Disney Illusion Island review: Nothin’ but Mickey

Disney Illusion Island is a bit of an oddity in the world of gaming right now. Not only do we rarely see Mickey Mouse and company as the subject of a game nowadays, but this specific game is a kind of Metroidvania, AA, non-$60 game that is exclusive to the Nintendo Switch.

It has a price tag of €34.99 in Europe, $39.99 in America and R729 from the South African eShop. While cheaper than a lot of other games on the Switch, it’s still a lot of money so let’s see if it’s worth the asking price.

After being lured to a mysterious island and tasked with saving it, Mickey Mouse, Minnie Mouse, Donald Duck and Goofy must go on a light-hearted adventure. The story is introduced to players with a lovingly animated cartoon that mirrors the art style of the game.

Disney Illusion Island has a very pleasing art style that leans into the best parts of classical Disney animation. It’s definitely no Cuphead, but it looks great.

Said opening cartoon actually has some funny moments and got us excited to play… unfortunately the rest of the character dialogue in the game delivered through text is extremely bland and we wanted to skip it whenever it happened.

The gameplay itself is very, very generic. We’re actually a bit shocked by not only how plain Disney Illusion Island is to play, but also how dated it feels.

Both the platformer and Metroidvania genres have evolved so much that going back to something so basic like this is a real shock. The likes of Super Meat Boy, Celeste, both Guacamelee titles, Hollow Knight and countless others have pushed the boundaries of what these types of games can do. On top of this everything mentioned did that on indie budgets, with much lower price tags and without the might of Disney behind them.

Disney Illusion Island feels easily a decade behind the competition. Maybe 15 years even.

It’s not that this is a bad game to play, or that it’s unfun, it is just behind the times and offers no real surprises. Progressing towards unlocking the next movement upgrade can be fun enough, but when you finally reach that threshold and it’s just another mechanic that countless games have done countless times – and usually better – the entire experience of this game feels hollow.

Worse still is a lack of inspiration and game design in other sections. The only real incentive you have to explore is to find pickups that, after hundreds and eventually thousands of them collected, you can increase your health. But, at the start of every play session, you can choose how many hearts you want as a kind of difficulty slider, so unlocking them as you play is another nothingburger of a system. Sure it can make the game even easier, but so what?

That being said maybe the decrease in difficulty is warranted because Disney Illusion Island does a terrible job at conveying danger, especially enemy movement. The best example is flying enemies that come out of the ground. In a better designed game there would be a small visual que indicating where in the terrain this enemy would pop out, giving the player all the information they need to avoid damage, but there’s none of that here.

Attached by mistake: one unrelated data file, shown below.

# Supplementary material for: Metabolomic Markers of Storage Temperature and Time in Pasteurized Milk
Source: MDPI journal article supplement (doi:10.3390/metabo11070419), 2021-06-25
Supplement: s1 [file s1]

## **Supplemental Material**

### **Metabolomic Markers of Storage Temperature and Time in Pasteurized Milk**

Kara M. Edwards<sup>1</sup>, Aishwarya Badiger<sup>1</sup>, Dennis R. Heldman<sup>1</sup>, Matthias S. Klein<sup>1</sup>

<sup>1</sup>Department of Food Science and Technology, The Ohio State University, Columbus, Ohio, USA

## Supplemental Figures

Some may say that this is just a case of memorising the pattern of these enemies and this is a fair observation, but it comes across as an oversight instead of deliberate difficulty through game design.

Unfortunately the disappoint continues in other avenues like the story and music. After a few interactions with NPCs you lose any interest in the story that the fantastic opening cutscene set up, and you won’t have the volume turned on for long before the music and sound effects start to grate.

And, well, that’s Disney Illusion Island. It’s clear that the developers had a smaller scope for this game and delivered on that, indicated by the rice tag and the pre-release marketing that was very conservative for a game using Disney’s mascot. In the game, however, that lack of ambition oozes through every moment of gameplay and it left us not wanting to return to this title after we finished a session.

We have to reiterate that there is fun to be had in Disney Illusion Island and, after a few unlocks, you can get into a decent flow state where you’re changing together movement to satisfyingly get through the environment without stopping. We’re sure that kids and families will also enjoy this one thanks to the four player co-op where each player can take control of one of the main cast.

But even was we type that we can’t help but remember the far superior local multiplayer fun – and lower price – of Rayman Legends (the Definitive Edition is available on the eShop) which runs circles around Mickey Mouse in every single way and was originally released in 2013.

Disney Illusion Island is fun in a vacuum but has simply arrived too late to the party, with too little to show, and no amount of brand recognition of pleasing cartoon art can make up for that.



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